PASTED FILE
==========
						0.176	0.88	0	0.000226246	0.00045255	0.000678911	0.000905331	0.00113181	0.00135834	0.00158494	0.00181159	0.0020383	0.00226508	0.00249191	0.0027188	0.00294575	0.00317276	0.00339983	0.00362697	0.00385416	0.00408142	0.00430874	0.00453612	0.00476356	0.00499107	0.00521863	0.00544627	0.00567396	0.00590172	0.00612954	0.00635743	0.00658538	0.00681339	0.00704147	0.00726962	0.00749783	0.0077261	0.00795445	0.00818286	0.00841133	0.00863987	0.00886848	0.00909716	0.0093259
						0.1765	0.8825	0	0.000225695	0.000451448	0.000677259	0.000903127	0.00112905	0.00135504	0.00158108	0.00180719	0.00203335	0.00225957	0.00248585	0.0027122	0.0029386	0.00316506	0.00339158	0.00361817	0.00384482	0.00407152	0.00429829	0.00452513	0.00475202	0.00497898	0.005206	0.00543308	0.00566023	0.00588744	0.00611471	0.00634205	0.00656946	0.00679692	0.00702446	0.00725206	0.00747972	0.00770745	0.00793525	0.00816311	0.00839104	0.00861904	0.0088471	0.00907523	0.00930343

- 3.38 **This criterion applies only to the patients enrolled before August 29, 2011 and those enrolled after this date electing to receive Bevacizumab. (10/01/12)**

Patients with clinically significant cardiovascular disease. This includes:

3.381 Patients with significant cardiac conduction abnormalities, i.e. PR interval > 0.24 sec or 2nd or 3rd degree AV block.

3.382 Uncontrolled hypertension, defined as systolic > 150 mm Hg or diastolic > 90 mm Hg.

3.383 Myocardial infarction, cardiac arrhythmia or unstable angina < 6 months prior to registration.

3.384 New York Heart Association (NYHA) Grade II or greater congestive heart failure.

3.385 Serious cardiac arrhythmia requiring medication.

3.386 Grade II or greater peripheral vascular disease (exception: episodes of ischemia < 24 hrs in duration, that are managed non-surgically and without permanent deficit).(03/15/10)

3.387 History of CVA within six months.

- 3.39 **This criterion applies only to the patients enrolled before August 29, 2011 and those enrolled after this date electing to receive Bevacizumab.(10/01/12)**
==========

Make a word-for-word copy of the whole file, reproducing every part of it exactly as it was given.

						0.176	0.88	0	0.000226246	0.00045255	0.000678911	0.000905331	0.00113181	0.00135834	0.00158494	0.00181159	0.0020383	0.00226508	0.00249191	0.0027188	0.00294575	0.00317276	0.00339983	0.00362697	0.00385416	0.00408142	0.00430874	0.00453612	0.00476356	0.00499107	0.00521863	0.00544627	0.00567396	0.00590172	0.00612954	0.00635743	0.00658538	0.00681339	0.00704147	0.00726962	0.00749783	0.0077261	0.00795445	0.00818286	0.00841133	0.00863987	0.00886848	0.00909716	0.0093259
						0.1765	0.8825	0	0.000225695	0.000451448	0.000677259	0.000903127	0.00112905	0.00135504	0.00158108	0.00180719	0.00203335	0.00225957	0.00248585	0.0027122	0.0029386	0.00316506	0.00339158	0.00361817	0.00384482	0.00407152	0.00429829	0.00452513	0.00475202	0.00497898	0.005206	0.00543308	0.00566023	0.00588744	0.00611471	0.00634205	0.00656946	0.00679692	0.00702446	0.00725206	0.00747972	0.00770745	0.00793525	0.00816311	0.00839104	0.00861904	0.0088471	0.00907523	0.00930343

- 3.38 **This criterion applies only to the patients enrolled before August 29, 2011 and those enrolled after this date electing to receive Bevacizumab. (10/01/12)**

Patients with clinically significant cardiovascular disease. This includes:

3.381 Patients with significant cardiac conduction abnormalities, i.e. PR interval > 0.24 sec or 2nd or 3rd degree AV block.

3.382 Uncontrolled hypertension, defined as systolic > 150 mm Hg or diastolic > 90 mm Hg.

3.383 Myocardial infarction, cardiac arrhythmia or unstable angina < 6 months prior to registration.

3.384 New York Heart Association (NYHA) Grade II or greater congestive heart failure.

3.385 Serious cardiac arrhythmia requiring medication.

3.386 Grade II or greater peripheral vascular disease (exception: episodes of ischemia < 24 hrs in duration, that are managed non-surgically and without permanent deficit).(03/15/10)

3.387 History of CVA within six months.

- 3.39 **This criterion applies only to the patients enrolled before August 29, 2011 and those enrolled after this date electing to receive Bevacizumab.(10/01/12)**